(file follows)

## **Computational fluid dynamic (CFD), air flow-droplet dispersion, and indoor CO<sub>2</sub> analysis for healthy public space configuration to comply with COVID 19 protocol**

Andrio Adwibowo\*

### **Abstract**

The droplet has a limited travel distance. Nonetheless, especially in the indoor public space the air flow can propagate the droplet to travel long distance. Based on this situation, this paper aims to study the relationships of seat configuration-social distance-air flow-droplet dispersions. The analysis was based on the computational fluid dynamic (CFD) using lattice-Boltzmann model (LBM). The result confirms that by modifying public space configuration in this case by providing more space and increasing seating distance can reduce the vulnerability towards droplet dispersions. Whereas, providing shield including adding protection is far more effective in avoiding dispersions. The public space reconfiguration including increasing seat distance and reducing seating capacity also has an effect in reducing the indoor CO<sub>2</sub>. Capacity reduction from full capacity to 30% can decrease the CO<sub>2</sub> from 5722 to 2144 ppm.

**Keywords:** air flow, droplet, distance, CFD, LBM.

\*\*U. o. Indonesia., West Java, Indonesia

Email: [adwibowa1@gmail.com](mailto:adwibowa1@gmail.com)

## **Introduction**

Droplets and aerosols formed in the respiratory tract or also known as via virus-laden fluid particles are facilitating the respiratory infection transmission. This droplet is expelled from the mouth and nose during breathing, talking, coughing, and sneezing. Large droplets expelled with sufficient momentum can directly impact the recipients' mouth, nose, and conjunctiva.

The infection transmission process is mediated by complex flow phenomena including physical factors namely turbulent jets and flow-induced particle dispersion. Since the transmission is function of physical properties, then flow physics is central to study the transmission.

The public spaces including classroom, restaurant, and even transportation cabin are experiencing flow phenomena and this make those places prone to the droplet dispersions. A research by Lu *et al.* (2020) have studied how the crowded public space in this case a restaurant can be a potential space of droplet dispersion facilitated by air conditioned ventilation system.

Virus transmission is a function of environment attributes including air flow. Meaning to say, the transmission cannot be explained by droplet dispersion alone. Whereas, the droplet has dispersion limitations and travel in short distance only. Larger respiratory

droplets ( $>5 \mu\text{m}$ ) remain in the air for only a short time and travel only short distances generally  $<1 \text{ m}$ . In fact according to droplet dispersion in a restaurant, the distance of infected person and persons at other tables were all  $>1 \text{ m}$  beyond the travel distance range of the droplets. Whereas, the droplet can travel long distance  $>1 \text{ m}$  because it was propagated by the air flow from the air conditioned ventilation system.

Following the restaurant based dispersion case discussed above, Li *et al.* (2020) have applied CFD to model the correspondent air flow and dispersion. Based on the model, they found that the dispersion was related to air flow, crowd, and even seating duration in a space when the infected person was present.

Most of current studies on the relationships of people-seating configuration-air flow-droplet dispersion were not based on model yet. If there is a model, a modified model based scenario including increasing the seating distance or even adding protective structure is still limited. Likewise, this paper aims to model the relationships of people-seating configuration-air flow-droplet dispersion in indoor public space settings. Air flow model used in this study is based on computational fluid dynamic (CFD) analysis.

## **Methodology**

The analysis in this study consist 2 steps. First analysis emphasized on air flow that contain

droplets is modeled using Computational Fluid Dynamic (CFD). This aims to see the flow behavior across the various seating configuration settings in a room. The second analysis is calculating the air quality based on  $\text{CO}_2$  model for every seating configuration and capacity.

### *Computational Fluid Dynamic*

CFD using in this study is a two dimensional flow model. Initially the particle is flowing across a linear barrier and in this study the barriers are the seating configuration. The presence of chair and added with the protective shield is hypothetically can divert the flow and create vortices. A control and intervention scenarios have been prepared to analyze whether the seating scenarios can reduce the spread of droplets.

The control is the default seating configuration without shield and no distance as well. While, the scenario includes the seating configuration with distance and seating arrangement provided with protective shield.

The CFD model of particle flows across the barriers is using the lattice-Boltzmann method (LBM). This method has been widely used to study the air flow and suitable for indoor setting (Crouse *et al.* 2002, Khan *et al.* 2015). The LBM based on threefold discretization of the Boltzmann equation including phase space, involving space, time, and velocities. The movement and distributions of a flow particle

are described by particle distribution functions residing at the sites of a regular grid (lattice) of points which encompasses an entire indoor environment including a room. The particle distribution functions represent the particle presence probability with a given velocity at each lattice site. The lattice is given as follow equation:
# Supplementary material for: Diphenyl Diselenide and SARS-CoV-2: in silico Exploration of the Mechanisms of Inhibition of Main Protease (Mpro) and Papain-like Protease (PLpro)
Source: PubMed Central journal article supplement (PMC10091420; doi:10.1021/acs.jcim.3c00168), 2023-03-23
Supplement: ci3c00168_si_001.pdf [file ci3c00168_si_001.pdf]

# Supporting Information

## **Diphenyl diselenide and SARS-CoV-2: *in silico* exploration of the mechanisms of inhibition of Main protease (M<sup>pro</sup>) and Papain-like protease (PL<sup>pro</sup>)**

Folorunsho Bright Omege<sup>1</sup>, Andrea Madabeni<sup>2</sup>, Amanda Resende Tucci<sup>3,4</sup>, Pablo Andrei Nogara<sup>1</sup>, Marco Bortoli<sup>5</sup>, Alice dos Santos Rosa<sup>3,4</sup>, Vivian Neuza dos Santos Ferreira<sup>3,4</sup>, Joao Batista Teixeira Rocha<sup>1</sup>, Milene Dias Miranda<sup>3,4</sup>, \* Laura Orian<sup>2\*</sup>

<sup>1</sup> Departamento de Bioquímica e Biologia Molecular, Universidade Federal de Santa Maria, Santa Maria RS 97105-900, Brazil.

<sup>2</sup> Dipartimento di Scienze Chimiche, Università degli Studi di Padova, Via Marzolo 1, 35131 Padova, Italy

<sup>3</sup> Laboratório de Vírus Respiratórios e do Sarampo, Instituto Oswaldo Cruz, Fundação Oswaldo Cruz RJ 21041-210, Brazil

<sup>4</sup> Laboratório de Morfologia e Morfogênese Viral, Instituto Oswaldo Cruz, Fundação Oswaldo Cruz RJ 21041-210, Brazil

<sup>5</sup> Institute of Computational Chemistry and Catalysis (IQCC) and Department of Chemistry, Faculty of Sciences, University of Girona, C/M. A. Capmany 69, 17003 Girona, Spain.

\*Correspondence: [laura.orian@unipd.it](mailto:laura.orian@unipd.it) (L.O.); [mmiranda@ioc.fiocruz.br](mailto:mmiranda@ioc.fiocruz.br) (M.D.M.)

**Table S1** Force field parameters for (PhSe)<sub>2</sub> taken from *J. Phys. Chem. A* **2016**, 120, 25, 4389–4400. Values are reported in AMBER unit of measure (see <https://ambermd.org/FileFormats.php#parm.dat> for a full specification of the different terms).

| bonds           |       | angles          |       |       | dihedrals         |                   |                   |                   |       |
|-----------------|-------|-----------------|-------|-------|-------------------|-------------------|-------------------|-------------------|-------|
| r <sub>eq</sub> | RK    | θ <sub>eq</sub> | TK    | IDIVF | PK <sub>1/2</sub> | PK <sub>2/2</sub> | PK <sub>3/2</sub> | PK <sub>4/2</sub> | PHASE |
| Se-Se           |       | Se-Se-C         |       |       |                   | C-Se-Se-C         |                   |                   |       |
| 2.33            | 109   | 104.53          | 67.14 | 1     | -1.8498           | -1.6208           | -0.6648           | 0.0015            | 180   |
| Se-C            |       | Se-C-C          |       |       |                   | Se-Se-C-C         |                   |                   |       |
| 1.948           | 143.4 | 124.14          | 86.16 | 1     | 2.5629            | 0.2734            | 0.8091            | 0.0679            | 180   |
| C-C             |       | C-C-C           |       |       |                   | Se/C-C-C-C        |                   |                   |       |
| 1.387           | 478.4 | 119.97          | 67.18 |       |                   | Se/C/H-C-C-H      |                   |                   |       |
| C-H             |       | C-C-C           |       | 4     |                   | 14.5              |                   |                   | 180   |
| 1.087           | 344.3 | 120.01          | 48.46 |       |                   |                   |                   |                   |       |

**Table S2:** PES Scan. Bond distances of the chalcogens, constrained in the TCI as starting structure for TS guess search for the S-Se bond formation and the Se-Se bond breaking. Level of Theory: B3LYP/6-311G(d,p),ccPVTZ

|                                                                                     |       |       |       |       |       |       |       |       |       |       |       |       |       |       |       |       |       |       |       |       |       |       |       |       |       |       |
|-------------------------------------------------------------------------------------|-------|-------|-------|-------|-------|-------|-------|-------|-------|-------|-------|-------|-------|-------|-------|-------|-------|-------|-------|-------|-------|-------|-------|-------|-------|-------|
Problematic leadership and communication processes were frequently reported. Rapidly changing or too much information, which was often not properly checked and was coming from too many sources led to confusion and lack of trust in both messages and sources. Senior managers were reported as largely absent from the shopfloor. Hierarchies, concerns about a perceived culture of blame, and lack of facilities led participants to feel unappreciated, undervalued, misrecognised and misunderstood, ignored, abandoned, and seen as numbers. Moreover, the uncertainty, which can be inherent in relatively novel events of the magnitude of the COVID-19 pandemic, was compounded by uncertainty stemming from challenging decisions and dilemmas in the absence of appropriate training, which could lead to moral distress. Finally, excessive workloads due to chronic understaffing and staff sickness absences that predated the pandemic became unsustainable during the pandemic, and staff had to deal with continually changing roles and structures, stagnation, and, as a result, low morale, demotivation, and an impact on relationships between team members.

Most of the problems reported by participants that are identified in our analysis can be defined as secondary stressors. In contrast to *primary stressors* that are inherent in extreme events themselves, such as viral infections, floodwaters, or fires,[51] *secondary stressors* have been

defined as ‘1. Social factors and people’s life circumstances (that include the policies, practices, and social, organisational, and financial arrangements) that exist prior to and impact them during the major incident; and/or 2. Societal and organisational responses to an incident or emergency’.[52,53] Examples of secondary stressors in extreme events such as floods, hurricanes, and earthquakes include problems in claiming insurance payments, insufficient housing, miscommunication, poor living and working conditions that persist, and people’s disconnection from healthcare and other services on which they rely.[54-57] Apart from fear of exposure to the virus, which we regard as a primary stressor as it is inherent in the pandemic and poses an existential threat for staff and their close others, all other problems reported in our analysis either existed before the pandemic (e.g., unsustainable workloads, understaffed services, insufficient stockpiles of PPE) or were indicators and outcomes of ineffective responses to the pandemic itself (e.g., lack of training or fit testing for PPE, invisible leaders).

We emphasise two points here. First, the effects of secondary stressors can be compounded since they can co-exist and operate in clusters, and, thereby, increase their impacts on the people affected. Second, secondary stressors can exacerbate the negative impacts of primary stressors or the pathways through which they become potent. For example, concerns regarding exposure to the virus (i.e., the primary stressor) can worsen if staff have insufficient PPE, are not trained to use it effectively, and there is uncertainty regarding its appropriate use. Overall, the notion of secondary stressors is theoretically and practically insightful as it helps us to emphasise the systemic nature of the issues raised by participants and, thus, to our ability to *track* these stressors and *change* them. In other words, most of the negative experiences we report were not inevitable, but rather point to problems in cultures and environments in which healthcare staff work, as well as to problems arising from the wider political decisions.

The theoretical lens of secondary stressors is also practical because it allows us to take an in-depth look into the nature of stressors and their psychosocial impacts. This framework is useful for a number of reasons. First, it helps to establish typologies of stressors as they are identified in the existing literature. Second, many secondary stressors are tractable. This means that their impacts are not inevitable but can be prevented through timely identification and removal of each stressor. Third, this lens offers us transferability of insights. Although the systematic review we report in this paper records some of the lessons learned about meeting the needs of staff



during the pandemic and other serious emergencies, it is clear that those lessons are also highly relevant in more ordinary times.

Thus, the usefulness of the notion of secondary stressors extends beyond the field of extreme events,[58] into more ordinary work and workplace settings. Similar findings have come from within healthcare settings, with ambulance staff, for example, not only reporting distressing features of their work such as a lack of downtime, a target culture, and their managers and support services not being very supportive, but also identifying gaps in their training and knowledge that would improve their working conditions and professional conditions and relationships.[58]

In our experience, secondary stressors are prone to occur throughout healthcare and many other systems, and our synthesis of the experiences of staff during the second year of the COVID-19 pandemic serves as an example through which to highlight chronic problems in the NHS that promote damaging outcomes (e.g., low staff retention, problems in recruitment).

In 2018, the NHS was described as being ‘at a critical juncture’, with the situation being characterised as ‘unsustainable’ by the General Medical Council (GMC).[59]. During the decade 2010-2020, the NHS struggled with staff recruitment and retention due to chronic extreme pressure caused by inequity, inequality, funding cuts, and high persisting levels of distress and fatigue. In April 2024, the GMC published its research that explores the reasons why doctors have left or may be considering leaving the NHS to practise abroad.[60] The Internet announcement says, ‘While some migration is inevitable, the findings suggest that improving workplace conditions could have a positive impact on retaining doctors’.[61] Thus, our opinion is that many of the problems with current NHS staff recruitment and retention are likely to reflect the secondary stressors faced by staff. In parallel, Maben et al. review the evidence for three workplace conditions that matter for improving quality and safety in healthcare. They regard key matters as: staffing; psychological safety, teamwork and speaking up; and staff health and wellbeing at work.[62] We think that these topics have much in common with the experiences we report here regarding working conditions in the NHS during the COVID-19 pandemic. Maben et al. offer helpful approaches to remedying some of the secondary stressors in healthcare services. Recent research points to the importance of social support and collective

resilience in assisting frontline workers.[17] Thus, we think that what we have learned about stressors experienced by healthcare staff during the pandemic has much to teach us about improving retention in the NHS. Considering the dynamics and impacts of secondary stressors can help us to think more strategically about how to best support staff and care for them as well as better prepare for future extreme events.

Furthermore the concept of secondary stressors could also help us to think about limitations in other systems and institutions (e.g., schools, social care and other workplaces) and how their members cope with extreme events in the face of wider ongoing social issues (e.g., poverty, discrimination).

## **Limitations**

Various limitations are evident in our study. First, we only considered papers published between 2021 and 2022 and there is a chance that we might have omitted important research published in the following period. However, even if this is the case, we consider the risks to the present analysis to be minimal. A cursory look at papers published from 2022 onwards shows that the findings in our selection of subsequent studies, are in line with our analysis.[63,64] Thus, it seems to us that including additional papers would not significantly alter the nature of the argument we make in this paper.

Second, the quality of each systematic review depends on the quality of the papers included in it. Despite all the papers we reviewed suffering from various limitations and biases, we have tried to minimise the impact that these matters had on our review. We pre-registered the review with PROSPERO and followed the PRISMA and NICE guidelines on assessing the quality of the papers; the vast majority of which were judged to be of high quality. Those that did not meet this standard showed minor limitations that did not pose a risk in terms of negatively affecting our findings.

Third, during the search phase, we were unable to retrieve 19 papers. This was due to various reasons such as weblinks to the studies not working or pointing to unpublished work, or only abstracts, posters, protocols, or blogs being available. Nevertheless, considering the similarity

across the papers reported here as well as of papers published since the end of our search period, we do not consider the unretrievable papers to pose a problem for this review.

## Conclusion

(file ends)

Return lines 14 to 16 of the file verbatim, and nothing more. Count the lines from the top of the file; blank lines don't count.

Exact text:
Following the restaurant based dispersion case discussed above, Li *et al.* (2020) have applied CFD to model the correspondent air flow and dispersion. Based on the model, they found that the dispersion was related to air flow, crowd, and even seating duration in a space when the infected person was present.

Most of current studies on the relationships of people-seating configuration-air flow-droplet dispersion were not based on model yet. If there is a model, a modified model based scenario including increasing the seating distance or even adding protective structure is still limited. Likewise, this paper aims to model the relationships of people-seating configuration-air flow-droplet dispersion in indoor public space settings. Air flow model used in this study is based on computational fluid dynamic (CFD) analysis.

## **Methodology**